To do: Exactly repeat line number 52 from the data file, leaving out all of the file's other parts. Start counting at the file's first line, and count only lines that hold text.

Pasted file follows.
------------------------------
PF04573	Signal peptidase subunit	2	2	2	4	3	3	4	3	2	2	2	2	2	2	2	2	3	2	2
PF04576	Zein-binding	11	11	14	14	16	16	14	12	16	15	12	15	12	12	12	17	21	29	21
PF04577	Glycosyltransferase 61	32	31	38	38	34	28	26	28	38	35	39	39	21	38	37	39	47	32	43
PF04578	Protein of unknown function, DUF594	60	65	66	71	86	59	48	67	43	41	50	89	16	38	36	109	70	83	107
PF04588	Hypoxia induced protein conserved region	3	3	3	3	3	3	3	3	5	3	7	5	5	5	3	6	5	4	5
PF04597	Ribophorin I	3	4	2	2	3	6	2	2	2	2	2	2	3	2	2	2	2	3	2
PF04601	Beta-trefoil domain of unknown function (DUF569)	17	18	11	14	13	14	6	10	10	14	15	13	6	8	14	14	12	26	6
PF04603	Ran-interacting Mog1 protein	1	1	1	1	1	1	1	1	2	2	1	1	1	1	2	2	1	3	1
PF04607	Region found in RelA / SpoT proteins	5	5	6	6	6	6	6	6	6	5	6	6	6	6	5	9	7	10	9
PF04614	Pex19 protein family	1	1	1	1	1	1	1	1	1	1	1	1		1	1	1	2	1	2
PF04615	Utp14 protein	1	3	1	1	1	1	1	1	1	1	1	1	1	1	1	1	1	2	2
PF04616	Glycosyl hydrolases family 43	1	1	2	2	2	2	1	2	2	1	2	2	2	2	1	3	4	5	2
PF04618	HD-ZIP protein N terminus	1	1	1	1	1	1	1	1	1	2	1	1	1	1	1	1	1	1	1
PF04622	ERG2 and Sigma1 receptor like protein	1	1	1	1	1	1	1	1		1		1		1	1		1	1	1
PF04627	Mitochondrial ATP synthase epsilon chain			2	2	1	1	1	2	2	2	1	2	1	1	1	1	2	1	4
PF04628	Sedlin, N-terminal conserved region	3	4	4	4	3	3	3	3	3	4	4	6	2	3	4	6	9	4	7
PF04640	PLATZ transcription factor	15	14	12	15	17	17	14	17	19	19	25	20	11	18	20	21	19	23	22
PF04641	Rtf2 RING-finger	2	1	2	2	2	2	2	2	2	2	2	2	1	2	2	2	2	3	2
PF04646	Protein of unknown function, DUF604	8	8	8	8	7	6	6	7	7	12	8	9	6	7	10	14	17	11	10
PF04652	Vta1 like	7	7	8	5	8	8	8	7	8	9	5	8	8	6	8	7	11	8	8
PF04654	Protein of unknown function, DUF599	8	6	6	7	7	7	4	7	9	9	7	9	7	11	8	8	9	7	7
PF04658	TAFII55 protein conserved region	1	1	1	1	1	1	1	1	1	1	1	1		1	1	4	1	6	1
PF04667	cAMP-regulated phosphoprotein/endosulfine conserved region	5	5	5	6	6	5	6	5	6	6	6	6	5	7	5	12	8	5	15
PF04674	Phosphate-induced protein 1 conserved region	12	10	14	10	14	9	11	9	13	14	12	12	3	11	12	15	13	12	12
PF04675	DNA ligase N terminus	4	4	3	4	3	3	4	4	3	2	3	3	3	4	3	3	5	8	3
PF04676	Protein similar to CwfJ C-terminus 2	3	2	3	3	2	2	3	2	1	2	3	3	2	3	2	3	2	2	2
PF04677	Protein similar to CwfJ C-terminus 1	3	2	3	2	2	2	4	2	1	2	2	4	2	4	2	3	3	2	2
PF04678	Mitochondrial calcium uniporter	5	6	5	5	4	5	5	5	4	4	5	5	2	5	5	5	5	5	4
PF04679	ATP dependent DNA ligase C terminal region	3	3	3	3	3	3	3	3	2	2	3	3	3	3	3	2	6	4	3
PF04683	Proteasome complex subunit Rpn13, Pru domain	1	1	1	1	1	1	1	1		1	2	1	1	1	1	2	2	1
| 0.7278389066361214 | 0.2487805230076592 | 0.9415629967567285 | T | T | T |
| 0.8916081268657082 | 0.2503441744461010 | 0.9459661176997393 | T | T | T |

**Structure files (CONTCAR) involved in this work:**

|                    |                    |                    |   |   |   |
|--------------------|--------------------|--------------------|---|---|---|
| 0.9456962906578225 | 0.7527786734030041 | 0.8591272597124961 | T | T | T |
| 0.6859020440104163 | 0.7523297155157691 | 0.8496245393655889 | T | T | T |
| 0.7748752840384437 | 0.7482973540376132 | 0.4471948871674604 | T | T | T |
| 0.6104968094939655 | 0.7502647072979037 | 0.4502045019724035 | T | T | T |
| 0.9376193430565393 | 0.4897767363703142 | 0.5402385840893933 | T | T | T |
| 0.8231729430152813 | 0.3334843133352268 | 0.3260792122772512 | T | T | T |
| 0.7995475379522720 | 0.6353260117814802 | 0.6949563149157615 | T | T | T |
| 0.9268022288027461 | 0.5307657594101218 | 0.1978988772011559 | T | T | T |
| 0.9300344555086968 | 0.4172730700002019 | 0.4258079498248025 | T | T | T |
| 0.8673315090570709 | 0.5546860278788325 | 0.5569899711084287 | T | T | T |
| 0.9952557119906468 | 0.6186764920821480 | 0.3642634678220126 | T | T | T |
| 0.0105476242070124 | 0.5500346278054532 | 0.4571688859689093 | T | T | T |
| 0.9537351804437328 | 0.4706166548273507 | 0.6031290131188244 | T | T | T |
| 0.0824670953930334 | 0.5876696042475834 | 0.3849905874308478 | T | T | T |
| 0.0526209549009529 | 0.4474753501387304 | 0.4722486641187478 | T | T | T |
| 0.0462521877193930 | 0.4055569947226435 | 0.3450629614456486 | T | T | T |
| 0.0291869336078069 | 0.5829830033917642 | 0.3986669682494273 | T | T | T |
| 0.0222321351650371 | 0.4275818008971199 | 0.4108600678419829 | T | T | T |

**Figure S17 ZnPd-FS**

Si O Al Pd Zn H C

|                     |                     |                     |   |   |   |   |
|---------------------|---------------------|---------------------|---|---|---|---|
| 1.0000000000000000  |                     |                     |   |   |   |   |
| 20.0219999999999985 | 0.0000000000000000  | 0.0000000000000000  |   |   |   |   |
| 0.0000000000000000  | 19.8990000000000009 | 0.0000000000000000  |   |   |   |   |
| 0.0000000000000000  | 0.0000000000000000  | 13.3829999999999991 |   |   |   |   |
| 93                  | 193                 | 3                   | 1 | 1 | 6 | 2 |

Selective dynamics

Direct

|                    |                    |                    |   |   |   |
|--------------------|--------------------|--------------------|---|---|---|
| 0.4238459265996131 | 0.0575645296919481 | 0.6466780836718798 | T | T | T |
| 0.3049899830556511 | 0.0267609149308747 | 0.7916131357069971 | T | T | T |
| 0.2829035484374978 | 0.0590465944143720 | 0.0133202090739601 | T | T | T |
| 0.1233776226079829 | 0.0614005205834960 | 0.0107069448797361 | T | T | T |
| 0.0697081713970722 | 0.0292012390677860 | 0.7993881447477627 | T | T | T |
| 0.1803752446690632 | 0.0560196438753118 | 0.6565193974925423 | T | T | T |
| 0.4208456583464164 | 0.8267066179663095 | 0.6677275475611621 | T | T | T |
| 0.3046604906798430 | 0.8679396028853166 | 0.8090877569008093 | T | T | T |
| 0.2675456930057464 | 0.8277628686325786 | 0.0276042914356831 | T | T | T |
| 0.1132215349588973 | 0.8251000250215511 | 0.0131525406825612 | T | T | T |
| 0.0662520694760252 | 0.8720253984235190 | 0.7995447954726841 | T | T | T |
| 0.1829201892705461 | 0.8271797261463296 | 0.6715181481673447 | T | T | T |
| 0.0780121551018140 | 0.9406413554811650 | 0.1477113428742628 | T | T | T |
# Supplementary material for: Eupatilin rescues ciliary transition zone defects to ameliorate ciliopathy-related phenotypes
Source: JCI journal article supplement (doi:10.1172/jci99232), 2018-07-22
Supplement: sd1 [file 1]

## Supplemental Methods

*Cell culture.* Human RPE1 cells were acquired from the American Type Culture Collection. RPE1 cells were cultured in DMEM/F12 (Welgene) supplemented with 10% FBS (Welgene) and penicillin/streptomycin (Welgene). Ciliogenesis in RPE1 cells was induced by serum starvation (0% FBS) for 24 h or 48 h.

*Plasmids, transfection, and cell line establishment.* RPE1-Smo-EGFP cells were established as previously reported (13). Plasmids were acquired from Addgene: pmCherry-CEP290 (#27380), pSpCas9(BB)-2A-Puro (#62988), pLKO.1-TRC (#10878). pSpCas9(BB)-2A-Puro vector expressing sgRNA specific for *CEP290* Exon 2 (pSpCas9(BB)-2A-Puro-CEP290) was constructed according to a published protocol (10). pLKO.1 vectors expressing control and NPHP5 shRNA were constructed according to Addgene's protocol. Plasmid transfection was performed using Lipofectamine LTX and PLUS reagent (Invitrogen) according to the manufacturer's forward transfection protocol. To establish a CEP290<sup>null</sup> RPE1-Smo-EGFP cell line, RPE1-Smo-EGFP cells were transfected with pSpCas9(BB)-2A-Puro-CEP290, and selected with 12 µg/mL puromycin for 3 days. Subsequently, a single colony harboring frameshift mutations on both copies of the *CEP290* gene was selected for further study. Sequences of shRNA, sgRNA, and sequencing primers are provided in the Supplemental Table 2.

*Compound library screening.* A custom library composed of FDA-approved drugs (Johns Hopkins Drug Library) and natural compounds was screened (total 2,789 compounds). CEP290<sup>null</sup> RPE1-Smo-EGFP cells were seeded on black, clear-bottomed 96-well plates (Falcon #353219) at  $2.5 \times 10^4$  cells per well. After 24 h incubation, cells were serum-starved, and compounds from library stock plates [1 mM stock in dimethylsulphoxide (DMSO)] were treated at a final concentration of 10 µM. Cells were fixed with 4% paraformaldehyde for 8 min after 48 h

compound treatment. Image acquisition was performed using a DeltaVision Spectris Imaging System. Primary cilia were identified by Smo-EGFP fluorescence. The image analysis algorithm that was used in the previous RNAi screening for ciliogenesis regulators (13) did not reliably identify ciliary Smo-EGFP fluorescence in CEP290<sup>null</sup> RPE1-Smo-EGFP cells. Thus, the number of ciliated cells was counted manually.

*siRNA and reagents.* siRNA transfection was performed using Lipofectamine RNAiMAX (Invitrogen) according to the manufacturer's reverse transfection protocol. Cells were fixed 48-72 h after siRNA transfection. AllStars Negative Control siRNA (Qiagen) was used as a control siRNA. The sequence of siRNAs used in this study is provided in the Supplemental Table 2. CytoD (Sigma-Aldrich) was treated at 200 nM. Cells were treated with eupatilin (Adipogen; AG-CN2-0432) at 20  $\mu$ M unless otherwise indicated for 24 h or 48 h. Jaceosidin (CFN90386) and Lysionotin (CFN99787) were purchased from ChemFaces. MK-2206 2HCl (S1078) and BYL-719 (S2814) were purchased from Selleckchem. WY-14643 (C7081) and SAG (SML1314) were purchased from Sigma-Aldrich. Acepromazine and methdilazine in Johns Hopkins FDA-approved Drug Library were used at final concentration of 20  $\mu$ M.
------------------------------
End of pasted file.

| 0.0291869336078069 | 0.5829830033917642 | 0.3986669682494273 | T | T | T |